In 1954, what had till then been the President’s Award for performing arts became the Sangeet Natak Akademi Awards. The first Carnatic music recipients of the award in its new avatar were Mysore Vasudevachar and the flautist, Palladam Sanjeeva Rao. The awards were given on March 31, and Sanjeeva Rao unlike the elderly Vasudevachar, collected his in person.
April 1954 was given over to celebrating his receiving it. The Hindu followed his triumphant progress. Celebrations in Coimbatore were the first. The Akila Bharata Madhva Maha Mandal organised a public procession on the 16th, which culminated at the Gopalaswami Temple, where a ‘citation in Canarese’ was presented to the artist. Between 21st and 23, Kumbakonam had no less than three felicitations. On the 21, it was at the Bhajana Mutt where violinist Rajamanikkam Pillai, composer Papanasam Sivan and Harikatha exponent Vadiraja Bhagavatar spoke in his praise. The next was at the Vani Vilasa Sabha and on the 23, it was at the Sathguru Thyaga Brahma Samajam.
On April 25, it was the turn of Sri Krishna Gana Sabha, Chennai. “In the presence of C. Subramaniam, Finance Minister, Government of Madras, Mr. Maharajapuram Santhanam, General Secretary, presented to Mr. Sanjeeva Rao, an address on behalf of the Sabha.” Two months later, Bangalore welcomed the artist and the Gayana Samaj conducted an event to honour him on June 27. The Madhwa Mahajana Sabha, Tiruchi, celebrated his award on November 22, 1954.
All this notwithstanding, it could not be denied that the reigning monarch of the flute by this time was T.R. Mahalingam aka, Mali.
Sanjeeva Rao had however, had his heyday, till the mid 1940s at least. Born on October 18, 1882, at Palladam, he came from a family known for learning. His father Venkobachar was a Sanskrit scholar who was famed for his healing powers. He rose to fame when he healed Shatkala Salem Narasayya, a zamindar known for his musical talents. The latter had ostensibly been the victim of black magic at the hands of Ramaswami Sivan, elder brother of Maha Vaidyanatha Sivan. Venkobachar set matters right and the grateful zamindar offered to impart his musical talent to one of Venkobachar’s sons. The elder and visually challenged Prananathachar was selected for this but in the event, it was Sanjeeva Rao who benefited.
With Narasayya passing away a couple of years later, the family moved to Madras where Karur Devudu Aiyar taught the young Sanjeeva the violin. He continued training under Sirkazhi Narayanaswami Pillai. By 12, he had begun performing. However, attending a flute concert by the blind artist Sarabha Sastri was to transform Sanjeeva and his brothers. All three apprenticed themselves under Sastri and moved to his native town of Kumbakonam. The tutelage was for seven years during which the brothers subsisted on unchavriti (singing and seeking food). Sanjeeva Rao emerged the real star and in recognition of this was given the Guru’s personal flute when the latter passed away in 1904.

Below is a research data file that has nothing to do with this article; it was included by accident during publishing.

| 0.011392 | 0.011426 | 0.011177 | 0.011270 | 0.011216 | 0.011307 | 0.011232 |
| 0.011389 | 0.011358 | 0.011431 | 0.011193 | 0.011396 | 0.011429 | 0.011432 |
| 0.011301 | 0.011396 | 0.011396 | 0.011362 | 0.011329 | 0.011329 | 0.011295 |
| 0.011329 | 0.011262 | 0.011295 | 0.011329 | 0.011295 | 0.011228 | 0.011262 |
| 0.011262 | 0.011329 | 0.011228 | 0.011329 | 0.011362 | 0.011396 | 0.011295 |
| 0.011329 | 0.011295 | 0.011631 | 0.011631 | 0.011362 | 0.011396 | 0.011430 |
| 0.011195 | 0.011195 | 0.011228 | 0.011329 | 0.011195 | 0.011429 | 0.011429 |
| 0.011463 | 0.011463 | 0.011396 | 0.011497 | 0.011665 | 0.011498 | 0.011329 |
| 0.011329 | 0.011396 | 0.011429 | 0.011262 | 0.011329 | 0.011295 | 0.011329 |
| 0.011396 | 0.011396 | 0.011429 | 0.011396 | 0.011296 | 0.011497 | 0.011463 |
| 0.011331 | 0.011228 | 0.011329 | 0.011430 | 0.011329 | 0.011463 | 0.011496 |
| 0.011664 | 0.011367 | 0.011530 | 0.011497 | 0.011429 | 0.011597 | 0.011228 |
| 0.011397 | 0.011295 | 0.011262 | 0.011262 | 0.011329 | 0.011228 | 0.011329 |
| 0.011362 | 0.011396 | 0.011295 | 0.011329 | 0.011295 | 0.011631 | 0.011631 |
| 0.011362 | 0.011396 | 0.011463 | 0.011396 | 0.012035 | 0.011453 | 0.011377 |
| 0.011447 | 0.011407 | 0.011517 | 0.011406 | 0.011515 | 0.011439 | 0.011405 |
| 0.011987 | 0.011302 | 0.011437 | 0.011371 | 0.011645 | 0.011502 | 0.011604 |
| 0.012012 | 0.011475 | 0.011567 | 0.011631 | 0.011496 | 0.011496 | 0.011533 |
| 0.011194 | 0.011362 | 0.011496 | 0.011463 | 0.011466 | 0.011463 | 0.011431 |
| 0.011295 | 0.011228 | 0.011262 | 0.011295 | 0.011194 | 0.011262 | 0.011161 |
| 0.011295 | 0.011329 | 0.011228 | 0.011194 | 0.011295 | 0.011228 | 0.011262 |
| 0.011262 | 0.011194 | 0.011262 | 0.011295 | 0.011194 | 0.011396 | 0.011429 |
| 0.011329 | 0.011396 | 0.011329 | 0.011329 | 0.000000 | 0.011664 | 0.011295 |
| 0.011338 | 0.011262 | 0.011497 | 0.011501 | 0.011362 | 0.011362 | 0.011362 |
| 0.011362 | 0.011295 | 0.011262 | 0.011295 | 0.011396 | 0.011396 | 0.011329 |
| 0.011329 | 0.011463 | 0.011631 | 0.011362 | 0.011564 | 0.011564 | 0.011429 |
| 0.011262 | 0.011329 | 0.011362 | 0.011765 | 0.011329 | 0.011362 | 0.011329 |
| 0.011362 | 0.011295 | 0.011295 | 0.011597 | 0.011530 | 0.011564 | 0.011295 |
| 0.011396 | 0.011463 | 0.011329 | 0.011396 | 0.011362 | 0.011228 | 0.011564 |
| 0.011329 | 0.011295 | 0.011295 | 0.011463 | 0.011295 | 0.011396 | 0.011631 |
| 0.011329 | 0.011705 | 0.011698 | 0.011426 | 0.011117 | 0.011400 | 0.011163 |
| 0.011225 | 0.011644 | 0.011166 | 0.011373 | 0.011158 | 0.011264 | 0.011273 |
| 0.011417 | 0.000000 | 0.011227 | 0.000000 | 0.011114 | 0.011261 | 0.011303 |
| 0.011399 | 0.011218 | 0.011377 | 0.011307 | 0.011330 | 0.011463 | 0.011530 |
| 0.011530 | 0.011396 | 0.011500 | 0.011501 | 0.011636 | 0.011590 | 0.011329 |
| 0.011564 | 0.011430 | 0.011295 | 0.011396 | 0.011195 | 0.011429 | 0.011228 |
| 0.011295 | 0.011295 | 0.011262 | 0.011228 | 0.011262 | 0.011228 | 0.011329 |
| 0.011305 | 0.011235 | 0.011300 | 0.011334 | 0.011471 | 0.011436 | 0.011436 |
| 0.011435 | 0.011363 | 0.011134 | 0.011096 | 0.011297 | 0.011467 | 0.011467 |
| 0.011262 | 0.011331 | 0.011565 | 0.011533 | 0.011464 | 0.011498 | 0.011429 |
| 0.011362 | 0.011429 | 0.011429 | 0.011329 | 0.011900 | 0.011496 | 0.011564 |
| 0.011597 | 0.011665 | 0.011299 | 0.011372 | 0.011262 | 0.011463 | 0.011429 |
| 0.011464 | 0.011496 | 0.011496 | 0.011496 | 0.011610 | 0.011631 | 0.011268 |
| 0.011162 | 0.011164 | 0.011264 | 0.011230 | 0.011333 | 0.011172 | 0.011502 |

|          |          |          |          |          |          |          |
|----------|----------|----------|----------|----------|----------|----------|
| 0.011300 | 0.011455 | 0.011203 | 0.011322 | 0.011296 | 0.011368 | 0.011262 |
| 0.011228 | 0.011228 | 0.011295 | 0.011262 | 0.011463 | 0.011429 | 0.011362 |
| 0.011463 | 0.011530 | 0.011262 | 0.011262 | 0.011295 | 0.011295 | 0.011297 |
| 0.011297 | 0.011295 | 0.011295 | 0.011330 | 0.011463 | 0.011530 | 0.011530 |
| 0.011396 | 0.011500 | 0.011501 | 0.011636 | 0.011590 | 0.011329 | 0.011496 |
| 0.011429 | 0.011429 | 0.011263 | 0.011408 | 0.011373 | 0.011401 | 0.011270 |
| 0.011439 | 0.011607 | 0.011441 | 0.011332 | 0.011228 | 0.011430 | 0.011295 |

Hailed as Sarabha Sastri’s natural successor, Sanjeeva Rao was to have an extremely successful career. Several gramophone recordings of his were released. He was an important functionary of the Chinna Katchi, one of the two rival organisations that conducted the Tyagaraja Aradhana in Tiruvaiyaru. In 1943, the Music Academy awarded him the title of Sangita Kalanidhi.
E. Krishna Iyer in his Personalities in Present Day Music (1933) summed up his style as follows: “Within limits, he has broad plans and varied imagery, while he steers clear of intricacies and profundities. Mr. Rao is not noted for any great stock in the matter of compositions of various kinds. But what he touches is turned into grape and honey.” In short, good wholesome music.
And then Mali turned up. The two met in the 1930s when Mali’s father brought the child for a personal audition. Within a few minutes Rao left, outwardly angry but inwardly shaken. He declared that what he had heard was not the flute and the boy would do well to look elsewhere for a career. But he knew that Mali was demonstrating what was till then considered impossible on a flute – complete fidelity to the vocal style. Mali went on to become an erratic but brilliant star. Rao’s career hit a plateau thereafter. Mali characteristically neither forgot nor forgave Rao for the initial snub.
Having trained disciples such as Palladam Nagaraja Rao and Tiruchi Ramachandra Sastri, Sanjeeva Rao passed away on July 11, 1962. His friend Musiri Subramania Iyer penned a tribute in The Hindu dated July 12. But a more lasting tribute is the rendition of ‘Chetulara’ by all the flautists at the Tyagaraja Aradhana each year. That was a tradition begun by Sanjeeva Rao and it has endured till today.
This article appeared in The Hindu’s Encore column on 28th June 2013.